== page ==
Posts Tagged ‘accreditation’

This originally appeared in Raging Chicken Press on October 21, 2013. It is a fairly long article detailing changes in PASSHE policies regarding new buildings and capital projects. I am including Part 1 of the article here with brief excerpts from other parts. To read the complete article, click “READ THE FULL ARTICLE” at the bottom of the post or go to the original right now by CLICKING HERE

This past July, eight of the fourteen PA State System of Higher Education (PASSHE) universities sent letters to their faculty and staff warning of the possibility of deep cuts, layoffs, and program elimination (what they like to call “retrenchment”). University presidents at California, Cheney, Clarion, Edinboro, East Stroudsburg, Kutztown, Mansfield, and Slippery Rock all shouted “crisis” and warned that unless they resorted to strict austerity measures, the end, would indeed, be near.

Clarion University led the PASSHE austerity train, announcing on August 15th that it would slash over 40 jobs – including 22 faculty jobs – and eliminate a number of academic programs. On September 10th, Edinboro University joined the party announcing it would cut 40 faculty, 9 staff members, six managers and a host of academic programs. Two weeks later, on September 25th, Mansfield University announced it intended to eliminate nearly 20% of their 170 faculty members. That same day, East Stroudburg University indicated that it was slowly marching toward retrenchment. Two PASSHE universities, California and Kutztown, were spared a similar fate this academic year. California University miraculously found that it did not, after all, have an $11.8 million dollar budget deficit as it had reported in the spring. Instead, Cal U is looking at a $5.8 million surplus. Ooops! Kutztown University’s president, Javier Cevallos, announced that Kutztown would be putting off the most painful cuts until next year: “Current estimates project a $10.3 million deficit for 2014-15, which will be addressed through a combination of base budget cuts and one-time funds,” he wrote in an October 2nd “Presidential Update.” And, as I reported last week, Slippery Rock’s provost is seeking a “third way” austerity plan – and if faculty do not agree to departmental transfers by Thursday, October 24, the ax may fall there too. The fate of the remaining PASSHE universities is still unclear. However, university presidents are rapidly approaching an October 30 deadline for reporting their intentions to eliminate any tenured faculty members.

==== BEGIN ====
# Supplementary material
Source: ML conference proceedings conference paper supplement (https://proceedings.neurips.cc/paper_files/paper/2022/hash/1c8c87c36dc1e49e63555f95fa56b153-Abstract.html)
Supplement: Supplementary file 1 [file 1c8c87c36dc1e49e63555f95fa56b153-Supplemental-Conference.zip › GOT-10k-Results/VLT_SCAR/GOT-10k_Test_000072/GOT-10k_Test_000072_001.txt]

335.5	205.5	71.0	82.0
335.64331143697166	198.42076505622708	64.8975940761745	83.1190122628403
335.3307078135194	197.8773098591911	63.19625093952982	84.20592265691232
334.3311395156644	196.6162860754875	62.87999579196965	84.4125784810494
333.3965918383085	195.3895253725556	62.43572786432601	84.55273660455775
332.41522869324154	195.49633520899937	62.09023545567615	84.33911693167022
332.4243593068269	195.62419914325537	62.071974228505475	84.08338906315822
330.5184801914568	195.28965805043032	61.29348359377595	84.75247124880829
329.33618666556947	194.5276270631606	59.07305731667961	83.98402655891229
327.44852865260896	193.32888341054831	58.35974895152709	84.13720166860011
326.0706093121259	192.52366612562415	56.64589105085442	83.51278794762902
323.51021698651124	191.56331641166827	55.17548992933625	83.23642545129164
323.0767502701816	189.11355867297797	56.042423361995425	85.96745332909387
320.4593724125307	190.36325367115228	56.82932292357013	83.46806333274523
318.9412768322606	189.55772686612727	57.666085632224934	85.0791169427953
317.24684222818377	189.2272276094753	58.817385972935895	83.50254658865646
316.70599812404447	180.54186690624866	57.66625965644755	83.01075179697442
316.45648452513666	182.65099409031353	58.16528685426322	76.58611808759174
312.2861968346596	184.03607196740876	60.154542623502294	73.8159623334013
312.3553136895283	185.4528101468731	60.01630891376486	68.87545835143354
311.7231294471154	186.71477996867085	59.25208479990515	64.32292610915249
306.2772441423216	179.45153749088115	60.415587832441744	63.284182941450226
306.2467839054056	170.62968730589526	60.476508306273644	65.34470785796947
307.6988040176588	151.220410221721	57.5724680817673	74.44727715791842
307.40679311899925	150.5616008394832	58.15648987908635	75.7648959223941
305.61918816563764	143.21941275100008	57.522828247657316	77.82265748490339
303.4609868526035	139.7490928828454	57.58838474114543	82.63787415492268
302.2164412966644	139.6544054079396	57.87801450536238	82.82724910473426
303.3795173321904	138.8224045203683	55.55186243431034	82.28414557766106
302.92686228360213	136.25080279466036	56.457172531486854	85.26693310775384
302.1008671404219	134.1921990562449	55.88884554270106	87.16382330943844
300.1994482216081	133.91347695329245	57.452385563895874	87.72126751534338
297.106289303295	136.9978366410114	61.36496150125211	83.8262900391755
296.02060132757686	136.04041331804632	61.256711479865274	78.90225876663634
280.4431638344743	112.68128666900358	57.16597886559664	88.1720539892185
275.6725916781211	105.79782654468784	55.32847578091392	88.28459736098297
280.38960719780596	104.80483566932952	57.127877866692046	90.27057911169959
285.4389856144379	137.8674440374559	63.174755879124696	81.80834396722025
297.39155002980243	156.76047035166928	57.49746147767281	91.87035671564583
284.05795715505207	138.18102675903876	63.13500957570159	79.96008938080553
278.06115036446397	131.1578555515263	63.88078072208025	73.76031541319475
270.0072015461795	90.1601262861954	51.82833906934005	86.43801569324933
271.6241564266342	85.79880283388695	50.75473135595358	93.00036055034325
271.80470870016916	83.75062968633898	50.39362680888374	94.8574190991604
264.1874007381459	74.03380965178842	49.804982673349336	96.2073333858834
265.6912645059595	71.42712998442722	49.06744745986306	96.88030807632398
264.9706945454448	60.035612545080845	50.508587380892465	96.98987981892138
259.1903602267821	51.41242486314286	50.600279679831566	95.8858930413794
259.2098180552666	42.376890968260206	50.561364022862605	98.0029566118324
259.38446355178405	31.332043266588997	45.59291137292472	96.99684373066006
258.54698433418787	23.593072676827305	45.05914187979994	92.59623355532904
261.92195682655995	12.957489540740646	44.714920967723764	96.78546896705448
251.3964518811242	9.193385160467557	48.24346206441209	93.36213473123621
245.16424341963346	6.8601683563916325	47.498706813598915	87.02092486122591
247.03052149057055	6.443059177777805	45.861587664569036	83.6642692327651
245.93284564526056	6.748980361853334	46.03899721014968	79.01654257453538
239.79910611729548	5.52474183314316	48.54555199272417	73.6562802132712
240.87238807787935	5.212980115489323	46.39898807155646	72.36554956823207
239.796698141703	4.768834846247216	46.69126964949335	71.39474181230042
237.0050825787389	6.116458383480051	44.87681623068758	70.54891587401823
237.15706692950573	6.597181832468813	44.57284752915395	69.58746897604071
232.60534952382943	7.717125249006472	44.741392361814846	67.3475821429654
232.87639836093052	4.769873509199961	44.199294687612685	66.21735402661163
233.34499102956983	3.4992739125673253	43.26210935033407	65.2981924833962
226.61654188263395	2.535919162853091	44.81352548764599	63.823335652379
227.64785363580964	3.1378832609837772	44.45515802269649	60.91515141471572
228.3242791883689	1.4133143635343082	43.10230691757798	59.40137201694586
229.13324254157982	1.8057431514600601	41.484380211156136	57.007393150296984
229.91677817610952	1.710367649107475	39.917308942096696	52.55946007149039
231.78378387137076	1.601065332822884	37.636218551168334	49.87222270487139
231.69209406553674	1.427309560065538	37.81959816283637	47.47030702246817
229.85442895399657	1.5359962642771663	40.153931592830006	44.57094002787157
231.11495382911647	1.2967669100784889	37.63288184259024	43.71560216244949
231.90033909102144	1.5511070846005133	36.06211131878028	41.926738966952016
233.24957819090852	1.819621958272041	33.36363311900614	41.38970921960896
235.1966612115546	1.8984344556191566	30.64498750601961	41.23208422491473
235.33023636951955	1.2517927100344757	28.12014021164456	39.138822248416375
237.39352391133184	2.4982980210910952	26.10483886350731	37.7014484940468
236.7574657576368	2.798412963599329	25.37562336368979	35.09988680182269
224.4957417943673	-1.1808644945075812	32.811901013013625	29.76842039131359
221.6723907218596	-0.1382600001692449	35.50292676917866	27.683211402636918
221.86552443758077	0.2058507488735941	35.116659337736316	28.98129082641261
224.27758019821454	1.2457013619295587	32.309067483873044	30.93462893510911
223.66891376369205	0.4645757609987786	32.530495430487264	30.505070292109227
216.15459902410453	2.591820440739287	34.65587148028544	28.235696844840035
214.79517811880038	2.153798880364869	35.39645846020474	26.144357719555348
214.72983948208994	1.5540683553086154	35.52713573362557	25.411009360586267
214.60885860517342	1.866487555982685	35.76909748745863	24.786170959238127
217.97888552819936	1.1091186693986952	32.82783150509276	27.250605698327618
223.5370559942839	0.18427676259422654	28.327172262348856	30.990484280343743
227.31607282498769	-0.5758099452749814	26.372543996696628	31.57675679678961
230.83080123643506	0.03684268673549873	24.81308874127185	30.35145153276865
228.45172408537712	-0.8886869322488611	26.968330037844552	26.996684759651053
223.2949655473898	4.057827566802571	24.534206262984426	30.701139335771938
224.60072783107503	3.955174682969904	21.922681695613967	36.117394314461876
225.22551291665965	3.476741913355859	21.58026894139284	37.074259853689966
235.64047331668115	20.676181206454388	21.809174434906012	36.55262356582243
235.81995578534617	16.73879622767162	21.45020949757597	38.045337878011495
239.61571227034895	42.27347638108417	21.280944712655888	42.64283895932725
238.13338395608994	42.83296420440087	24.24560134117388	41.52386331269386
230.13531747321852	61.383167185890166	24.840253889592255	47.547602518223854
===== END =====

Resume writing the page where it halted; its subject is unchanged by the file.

To say it’s been an “interesting” start of the academic year for the 100,000+ students and 6,000+ faculty and coaches at PASSHE universities is an understatement. Left hanging in the balance are people’s current and future livelihoods. As I recently wrote on Raging Chicken, PASSHE’s mantra is that faculty and staff salaries and, more recently, a decline in enrollment are the reasons for the deep budget shortfalls. However, despite their continued proclamations, the numbers have never added up. My most recent post on PASSHE’s budget deceptions, “PASSHE’s Austerity Magic: Save Your Despair for Better Days,” highlighted the significant increases in spending on capital projects – buildings – at Kutztown University. As I suggested in that article, the pattern at Kutztown is not limited to that PASSHE university. In fact, it points to a much more widespread practice that has gone virtually unnoticed until the recent ouster of California University of Pennsylvania president, Angelo Armenti, Jr. (more on that in a little bit).

The budget “crisis” at PASSHE universities has its roots in a long-term defunding of public higher education in PA, Wall-Street-esque risky investment schemes, and a virtual lack of oversight.